It was in Rome that the life of Charles the Campagna to cheat their inactivity with Stuart began, as it ended, in exile, in an the commotion of a hunting-party – poor unhappy distracted household, torn asunder copy of the stir of life. And this while out by domestic dissensions, divided between al in the world cannons were roaring, battles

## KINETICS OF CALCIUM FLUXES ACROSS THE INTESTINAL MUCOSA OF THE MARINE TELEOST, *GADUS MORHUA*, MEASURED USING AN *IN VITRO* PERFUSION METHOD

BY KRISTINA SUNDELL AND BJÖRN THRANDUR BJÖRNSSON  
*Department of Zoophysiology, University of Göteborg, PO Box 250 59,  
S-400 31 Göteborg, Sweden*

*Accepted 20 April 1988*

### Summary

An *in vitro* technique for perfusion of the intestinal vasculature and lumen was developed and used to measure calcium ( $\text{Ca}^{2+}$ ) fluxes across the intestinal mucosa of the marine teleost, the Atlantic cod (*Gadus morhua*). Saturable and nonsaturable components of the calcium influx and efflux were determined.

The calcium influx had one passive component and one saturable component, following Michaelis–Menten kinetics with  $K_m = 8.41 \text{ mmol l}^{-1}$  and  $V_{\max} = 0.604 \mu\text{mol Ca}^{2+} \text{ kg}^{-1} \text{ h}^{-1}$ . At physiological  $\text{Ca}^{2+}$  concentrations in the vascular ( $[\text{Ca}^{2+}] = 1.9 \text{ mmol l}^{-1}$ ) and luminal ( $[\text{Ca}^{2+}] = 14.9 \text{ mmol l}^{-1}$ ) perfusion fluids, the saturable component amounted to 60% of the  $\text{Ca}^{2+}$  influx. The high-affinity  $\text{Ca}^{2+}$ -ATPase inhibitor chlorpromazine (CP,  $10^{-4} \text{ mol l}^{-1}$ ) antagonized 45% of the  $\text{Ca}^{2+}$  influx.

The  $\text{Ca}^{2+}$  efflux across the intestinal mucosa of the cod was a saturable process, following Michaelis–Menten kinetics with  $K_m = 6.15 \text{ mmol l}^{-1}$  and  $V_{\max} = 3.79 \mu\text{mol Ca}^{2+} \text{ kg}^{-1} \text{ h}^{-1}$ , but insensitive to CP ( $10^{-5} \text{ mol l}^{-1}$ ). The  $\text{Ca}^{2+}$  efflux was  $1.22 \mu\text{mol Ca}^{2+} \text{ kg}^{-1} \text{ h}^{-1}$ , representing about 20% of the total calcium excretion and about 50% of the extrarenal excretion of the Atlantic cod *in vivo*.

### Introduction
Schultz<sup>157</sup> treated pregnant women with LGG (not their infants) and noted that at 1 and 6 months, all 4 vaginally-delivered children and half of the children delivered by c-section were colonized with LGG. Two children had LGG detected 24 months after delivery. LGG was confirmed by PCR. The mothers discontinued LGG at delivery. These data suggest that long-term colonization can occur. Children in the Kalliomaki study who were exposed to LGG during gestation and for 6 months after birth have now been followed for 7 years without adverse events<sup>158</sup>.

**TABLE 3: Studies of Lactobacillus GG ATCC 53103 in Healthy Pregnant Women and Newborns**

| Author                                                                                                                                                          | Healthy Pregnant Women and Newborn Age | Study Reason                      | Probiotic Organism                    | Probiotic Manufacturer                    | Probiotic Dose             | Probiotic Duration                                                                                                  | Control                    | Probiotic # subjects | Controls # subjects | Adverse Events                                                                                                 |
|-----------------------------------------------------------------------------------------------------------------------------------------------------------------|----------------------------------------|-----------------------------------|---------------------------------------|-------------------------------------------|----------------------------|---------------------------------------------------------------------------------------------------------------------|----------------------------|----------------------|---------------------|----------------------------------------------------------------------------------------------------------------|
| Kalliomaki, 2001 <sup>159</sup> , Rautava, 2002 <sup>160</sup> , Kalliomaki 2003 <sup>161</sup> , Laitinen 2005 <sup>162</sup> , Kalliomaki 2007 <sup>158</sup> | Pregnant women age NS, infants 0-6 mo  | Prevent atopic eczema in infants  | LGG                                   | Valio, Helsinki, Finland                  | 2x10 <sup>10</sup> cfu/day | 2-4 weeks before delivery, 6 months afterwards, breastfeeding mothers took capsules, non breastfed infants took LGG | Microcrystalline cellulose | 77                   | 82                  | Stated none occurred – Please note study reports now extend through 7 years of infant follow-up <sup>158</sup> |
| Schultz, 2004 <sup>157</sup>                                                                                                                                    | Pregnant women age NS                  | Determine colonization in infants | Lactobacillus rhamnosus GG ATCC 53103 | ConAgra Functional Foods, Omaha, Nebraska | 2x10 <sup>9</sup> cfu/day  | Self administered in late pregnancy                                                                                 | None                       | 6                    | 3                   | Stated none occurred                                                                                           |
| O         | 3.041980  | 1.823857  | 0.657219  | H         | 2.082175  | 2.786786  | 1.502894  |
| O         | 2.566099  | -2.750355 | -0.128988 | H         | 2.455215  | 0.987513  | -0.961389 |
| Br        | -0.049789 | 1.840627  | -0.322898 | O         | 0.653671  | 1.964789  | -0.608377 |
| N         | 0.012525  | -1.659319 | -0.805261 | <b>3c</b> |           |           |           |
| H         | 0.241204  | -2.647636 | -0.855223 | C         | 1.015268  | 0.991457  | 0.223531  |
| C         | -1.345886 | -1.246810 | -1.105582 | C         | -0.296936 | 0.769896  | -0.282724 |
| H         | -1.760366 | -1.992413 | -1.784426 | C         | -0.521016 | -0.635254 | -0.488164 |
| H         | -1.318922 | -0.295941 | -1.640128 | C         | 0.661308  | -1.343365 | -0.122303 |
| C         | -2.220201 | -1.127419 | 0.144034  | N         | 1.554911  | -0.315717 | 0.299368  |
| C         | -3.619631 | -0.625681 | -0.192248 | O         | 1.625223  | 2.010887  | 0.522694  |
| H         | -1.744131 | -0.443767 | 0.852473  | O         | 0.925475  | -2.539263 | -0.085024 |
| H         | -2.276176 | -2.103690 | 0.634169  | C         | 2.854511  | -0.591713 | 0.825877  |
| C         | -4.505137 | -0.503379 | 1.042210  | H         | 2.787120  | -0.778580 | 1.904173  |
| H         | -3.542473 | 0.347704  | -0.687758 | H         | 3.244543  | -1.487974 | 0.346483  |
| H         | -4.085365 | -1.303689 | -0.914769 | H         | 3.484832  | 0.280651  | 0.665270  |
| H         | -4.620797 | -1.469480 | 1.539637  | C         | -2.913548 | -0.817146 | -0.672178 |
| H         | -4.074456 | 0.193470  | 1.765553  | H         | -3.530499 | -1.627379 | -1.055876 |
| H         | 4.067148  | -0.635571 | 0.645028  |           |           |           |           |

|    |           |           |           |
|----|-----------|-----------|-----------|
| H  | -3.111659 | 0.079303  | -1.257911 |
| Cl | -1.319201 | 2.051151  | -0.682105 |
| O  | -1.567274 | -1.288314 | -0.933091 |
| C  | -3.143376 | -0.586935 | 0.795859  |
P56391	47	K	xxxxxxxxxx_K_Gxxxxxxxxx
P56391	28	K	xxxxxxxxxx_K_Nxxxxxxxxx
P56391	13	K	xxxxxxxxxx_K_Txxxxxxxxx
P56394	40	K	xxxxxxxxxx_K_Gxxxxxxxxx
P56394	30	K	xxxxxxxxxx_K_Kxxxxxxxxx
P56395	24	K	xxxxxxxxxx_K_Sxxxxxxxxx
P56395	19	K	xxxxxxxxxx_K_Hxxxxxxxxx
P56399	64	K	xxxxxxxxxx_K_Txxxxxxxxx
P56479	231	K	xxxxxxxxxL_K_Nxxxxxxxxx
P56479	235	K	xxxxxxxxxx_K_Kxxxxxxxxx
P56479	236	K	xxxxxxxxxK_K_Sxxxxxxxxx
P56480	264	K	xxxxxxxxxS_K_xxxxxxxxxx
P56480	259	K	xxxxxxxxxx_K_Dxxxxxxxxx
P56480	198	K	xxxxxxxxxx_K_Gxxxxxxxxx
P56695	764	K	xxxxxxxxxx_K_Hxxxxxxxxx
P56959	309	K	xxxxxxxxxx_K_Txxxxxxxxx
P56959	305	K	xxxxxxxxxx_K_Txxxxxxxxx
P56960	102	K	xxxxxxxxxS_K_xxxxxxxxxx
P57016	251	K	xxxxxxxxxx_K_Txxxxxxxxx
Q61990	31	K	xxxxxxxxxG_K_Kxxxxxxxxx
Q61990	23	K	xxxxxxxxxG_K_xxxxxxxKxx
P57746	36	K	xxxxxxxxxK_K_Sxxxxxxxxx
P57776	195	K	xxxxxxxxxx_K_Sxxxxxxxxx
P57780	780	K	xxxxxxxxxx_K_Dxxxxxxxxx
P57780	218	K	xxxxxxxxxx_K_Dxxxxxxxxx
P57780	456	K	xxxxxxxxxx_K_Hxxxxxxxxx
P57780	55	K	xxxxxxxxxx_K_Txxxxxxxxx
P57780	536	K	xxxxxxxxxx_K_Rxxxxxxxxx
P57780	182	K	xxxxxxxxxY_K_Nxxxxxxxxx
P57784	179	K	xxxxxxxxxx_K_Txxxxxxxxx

fighting. Young William of Cumberland, futile old Pretender - and yet with a heart as yet unmarked by his terrible nickname, to be wrung for his boy, like other men. was getting himself glory at Dettingen at It was on a night in January 1744 - the the head of those English who were not his 9th — that the young Chevalier set forth on countrymen, that he should have the credit one of the most extraordinary, splendid, of them. It requires little imagination to and hopeless expeditions ever recorded in conceive how this contrast must have rank- history. “A little after midnight," a heavy led in the high, courageous, adventurous coach, followed by a groom leading another soul of the young Stuart, rightful leader of horse, rattled through the stony Roman these Englishmen, who, but for the folly of streets to the Lateran Gate. The keys had his fathers, might have been at their head been left over night with the captain of the instead of the Hanoverian. He was five- guard, that no hindrance might be given to and-twenty, and had been, no doubt, for the Prince's hunting-party, on which his years consuming his heart in the tedious eagerness carried him forth so early. Genbustle of the ecclesiastical capital. All his tle Prince Henry, he who was afterwards biographers echo the general note of won- Cardinal York, was left behind asleep, and, der how a prince, trained under the soft knowing nothing, set out leisurely in the Italian skies, amid the supposed effeminacy morning to meet the fiery young Nimrod of Italian customs, could have been fit for who had preceded him, little thinking on the hardships of his after-life. But Charles, what wild chase it was that his elder brother it is evident, had been trained, by such ex- had gone forth. The chaise and the faithperience as that climate and those customs ful groom behind went on, across the wintry give, to bear heat and cold, the two great Campagna in the deep darkness, till they extremes, and had taken pains to inure came to the stony causeway, everlasting like himself to long walks and scant fare, as a all old Roman work, which ascends the AL hunter among the hills would naturally do: ban hill. There, under some pretext, the At last, in the depths of winter in the year young Adventurer left his companion in the 1744, the long-expected call came to the coach and mounted his horse. The story eager young man. France, with plans of goes on to tell how he stood still “at the her own in her mind, had suddenly be turning,” alone with his faithful Norman thought herself of the Stuarts, by way, not groom, until the heavy coach, with Dunbar necessarily of restoring them, but of occu- in it, who for his part pretended to know pying the attention of England with her nothing, lumbered on upon the resounding own affairs, and making her recall not the road towards the hunting-tryst. When troops only, but money, with which an ob- the carriage was gone, Charles Edward sequious Ministry enabled King George to turned his horse's head the other way, and, subsidise all the world. The summons was facing towards Frascati, towards Florence, secret and sudden, known only to the father and Paris and England, “ gave his bridleand son and their most intimate counsel- reins a shake," and escaped into the world. lors. Out of the brief overwhelming ex When this romantic incident occurred, citement of that moment a few words come the artificial world held on its babbling to us full of natural feeling. “I trust, by course at home as if there had been no such the aid of God," said the youth, trembling startling primitive chances in existence. with hope and eagerness, as he set out on his The armies and commanders of England enterprise, to the old man who had gone were on the Continent fighting for other through that phase and left his hopes be- contested successions, and hiring German hind him ages ago in the cold blank of the troops to aid their arms. The Ministers past, “that I shall soon be able to lay three in London were busy making treaties and crowns at your Majesty's feet.” The father granting subsidies, struggling to please answers tenderly, out of his life-in-death, King George, whose heart was rather that "Be careful of yourself, my dear boy. I of an Elector of Hanover than of a King of would not lose you for all the crowns in England. The world of fashion fluttered the world,” he says, with, one can imagine, and amused itself as one reads in Horace what smile and what sigh! Weak, feeble, Walpole's letters, its Tories pretending to